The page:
Ohio's labor unions flex political muscle again

  • Article by: JOHN SEEWER
  • Associated Press
  • November 10, 2012 - 11:04 PM

TOLEDO, Ohio - Whether Ohio's blue-collar workers were motivated by the auto bailout or lingering bitterness over a Republican-led attempt to limit collective bargaining, it's clear that the state's labor unions remain a political force when united.

Organized labor claimed credit for President Barack Obama's victory in Ohio after union members and their allies flooded the state with mailers, phone calls and home visits in the days leading up to the election.

Sixty percent of voters from union households in Ohio threw their support behind Obama while the rest of the state's voters were split between the president and Republican Mitt Romney, according to exit poll results for The Associated Press.

Obama also got a slightly bigger share of the union vote than he did in 2008.

The union vote for Obama was even stronger in Wisconsin, where the state's Republican governor also sought to limit union rights for public workers.

The momentum began in Ohio, labor leaders say, when Republican Gov. John Kasich signed a law in 2011 that banned public employee strikes and limited the collective bargaining rights of 350,000 teachers, firefighters, police officers and state employees.

The president's political team realized at the time they had a chance to re-energize organized labor in Ohio and other states where anti-union sentiment was growing. Obama's team began working closely with union leaders. And then last November, Ohio voters overwhelmingly approved the repeal of the collective bargaining law, known as Senate Bill 5, which Romney had endorsed.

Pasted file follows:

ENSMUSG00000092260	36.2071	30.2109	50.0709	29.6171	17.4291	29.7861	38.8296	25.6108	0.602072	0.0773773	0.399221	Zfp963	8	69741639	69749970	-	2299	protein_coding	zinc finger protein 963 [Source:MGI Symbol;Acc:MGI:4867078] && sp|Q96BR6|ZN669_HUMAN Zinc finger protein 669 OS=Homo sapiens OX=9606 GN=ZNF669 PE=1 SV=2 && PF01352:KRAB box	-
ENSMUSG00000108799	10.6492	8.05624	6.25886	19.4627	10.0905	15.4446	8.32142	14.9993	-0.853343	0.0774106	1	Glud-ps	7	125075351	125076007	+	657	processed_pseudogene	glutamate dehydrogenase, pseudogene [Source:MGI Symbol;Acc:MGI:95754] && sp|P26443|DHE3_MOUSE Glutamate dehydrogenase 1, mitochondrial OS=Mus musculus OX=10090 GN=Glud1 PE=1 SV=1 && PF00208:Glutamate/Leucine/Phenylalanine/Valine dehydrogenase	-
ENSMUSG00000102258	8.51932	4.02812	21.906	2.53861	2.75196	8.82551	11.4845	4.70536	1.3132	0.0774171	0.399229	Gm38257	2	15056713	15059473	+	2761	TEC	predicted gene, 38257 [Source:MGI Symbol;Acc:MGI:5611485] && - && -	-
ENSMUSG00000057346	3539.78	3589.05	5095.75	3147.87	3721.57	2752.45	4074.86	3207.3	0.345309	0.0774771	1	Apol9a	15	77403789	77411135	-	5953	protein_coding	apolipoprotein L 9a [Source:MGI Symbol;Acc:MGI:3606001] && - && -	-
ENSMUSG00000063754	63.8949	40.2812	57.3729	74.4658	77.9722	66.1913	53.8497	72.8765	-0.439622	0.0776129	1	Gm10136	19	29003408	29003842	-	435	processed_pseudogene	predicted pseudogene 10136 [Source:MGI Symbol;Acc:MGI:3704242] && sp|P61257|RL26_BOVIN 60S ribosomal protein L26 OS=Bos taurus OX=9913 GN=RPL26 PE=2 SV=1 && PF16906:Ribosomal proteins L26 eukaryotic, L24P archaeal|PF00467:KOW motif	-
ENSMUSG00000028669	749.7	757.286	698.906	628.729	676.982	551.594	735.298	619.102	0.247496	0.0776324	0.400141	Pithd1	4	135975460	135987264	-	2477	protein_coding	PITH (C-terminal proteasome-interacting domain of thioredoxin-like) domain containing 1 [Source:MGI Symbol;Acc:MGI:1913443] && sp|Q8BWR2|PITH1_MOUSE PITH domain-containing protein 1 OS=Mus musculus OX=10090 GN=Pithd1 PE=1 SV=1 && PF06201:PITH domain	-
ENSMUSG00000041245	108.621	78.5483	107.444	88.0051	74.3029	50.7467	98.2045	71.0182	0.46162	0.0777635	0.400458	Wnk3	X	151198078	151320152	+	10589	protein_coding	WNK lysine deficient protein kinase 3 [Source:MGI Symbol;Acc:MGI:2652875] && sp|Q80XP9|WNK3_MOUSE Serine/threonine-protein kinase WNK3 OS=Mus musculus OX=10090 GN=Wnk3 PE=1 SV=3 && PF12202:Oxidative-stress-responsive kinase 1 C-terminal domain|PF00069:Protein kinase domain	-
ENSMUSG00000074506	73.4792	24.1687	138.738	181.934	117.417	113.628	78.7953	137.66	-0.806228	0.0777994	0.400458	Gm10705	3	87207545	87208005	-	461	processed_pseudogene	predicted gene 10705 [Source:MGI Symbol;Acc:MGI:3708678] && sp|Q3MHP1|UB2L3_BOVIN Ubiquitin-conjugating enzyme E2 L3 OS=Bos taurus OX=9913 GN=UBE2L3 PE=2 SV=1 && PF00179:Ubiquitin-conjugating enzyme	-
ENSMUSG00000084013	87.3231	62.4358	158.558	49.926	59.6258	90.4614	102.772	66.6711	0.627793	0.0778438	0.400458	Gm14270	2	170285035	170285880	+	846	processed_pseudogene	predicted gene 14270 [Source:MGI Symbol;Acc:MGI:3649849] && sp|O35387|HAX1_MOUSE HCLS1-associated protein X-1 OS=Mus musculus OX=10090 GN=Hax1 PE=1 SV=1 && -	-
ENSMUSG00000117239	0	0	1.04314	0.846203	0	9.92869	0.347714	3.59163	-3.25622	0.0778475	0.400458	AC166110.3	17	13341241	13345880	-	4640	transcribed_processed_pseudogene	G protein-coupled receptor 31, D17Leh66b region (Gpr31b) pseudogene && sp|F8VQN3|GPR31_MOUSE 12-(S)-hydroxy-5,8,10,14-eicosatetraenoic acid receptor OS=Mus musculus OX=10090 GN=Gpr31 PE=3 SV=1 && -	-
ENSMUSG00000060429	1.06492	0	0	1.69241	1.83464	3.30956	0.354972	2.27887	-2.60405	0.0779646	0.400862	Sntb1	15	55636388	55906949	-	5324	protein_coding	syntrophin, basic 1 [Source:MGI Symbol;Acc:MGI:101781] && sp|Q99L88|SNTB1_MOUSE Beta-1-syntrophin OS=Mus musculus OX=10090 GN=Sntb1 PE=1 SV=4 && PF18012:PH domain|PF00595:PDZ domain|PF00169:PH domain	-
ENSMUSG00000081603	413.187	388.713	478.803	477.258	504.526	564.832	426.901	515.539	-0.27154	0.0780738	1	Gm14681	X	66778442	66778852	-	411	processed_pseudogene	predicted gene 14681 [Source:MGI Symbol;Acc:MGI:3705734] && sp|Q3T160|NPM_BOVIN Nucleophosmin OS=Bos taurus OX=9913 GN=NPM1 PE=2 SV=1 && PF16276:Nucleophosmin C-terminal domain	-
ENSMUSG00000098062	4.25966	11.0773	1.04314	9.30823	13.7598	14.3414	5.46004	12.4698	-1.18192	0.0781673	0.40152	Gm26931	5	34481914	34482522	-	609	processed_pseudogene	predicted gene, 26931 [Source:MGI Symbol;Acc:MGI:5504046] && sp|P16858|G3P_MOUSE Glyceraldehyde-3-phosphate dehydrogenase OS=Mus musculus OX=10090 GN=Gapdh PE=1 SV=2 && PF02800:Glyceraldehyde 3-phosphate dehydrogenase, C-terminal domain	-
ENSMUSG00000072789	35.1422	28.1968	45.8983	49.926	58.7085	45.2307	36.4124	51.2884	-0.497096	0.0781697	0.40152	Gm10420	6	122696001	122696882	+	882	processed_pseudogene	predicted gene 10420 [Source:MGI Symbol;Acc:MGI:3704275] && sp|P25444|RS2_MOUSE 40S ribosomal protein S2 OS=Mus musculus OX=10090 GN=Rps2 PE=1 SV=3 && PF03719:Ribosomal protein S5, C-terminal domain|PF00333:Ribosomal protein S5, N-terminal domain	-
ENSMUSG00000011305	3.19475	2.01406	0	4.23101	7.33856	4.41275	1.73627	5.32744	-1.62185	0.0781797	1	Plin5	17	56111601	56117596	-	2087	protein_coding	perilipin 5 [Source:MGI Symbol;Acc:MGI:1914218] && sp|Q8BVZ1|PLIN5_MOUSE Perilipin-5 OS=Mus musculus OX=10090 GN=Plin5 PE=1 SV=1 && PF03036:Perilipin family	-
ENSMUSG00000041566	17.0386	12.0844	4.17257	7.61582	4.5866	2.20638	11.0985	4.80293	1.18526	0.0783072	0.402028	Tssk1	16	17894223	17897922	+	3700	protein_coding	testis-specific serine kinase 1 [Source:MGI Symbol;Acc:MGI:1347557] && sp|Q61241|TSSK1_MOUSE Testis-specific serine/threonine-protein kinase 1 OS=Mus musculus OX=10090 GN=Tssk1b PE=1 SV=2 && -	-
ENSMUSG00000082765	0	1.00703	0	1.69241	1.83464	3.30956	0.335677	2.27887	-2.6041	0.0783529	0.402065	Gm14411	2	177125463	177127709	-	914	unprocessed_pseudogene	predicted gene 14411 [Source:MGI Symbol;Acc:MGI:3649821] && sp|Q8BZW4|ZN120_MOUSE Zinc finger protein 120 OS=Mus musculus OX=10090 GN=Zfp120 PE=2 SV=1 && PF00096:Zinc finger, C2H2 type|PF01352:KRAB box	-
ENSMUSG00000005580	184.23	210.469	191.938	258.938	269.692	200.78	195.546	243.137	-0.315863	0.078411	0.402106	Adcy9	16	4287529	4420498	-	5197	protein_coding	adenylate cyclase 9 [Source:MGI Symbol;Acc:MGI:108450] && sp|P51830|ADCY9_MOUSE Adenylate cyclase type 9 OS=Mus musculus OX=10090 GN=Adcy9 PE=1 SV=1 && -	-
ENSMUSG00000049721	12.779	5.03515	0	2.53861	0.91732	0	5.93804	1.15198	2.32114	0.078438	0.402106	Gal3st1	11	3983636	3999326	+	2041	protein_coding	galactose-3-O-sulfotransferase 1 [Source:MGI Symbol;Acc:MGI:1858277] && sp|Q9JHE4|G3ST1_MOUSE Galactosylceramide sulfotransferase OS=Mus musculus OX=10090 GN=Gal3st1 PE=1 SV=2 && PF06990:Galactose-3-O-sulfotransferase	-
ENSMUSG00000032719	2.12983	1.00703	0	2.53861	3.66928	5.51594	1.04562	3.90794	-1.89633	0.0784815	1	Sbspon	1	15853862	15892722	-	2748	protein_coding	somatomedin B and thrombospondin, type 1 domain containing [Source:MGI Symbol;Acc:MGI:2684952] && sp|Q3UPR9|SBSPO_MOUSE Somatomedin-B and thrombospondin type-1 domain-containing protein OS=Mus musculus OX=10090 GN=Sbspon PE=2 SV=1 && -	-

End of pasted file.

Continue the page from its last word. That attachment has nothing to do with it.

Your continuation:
"There's no question Senate Bill 5 was a unifying moment," said Ohio AFL-CIO President Tim Burga. "It brought out our fighting spirit."

The union federation said its members and volunteers contacted 800,000 voters in Ohio during the four days before presidential election. The AFL-CIO also registered 68,000 new voters in Ohio.

the results showed that labor unions still have the ability to move votes like few other organizations, Burga said.

"When they start attacking our rights and everything else, we're going to get involved," said Chris Weaver, a Youngstown firefighter who's vice president of the union there.

The Republican attempt to limit collective bargaining wasn't an issue that got a lot of notice on the presidential campaign trail, but it did come up quite a bit in talk around firehouses and in literature distributed by labor groups.

"It bought the labor movement back a little bit," Weaver said.

The other big motivator among blue collar workers in Ohio was the auto bailout. Sixty percent of Ohio's voters favored coming to the rescue of General Motors and Chrysler and three-fourths threw their support behind the president.

The downside for labor in Ohio coming out of the election is that exit polls over the past eight years show that the share of voters from union households has dropped somewhat significantly with loss of many unionized manufacturing jobs.

Eight years ago, one out of three Ohio voters said they or someone they lived with was in a union. This year, it was one out of five.

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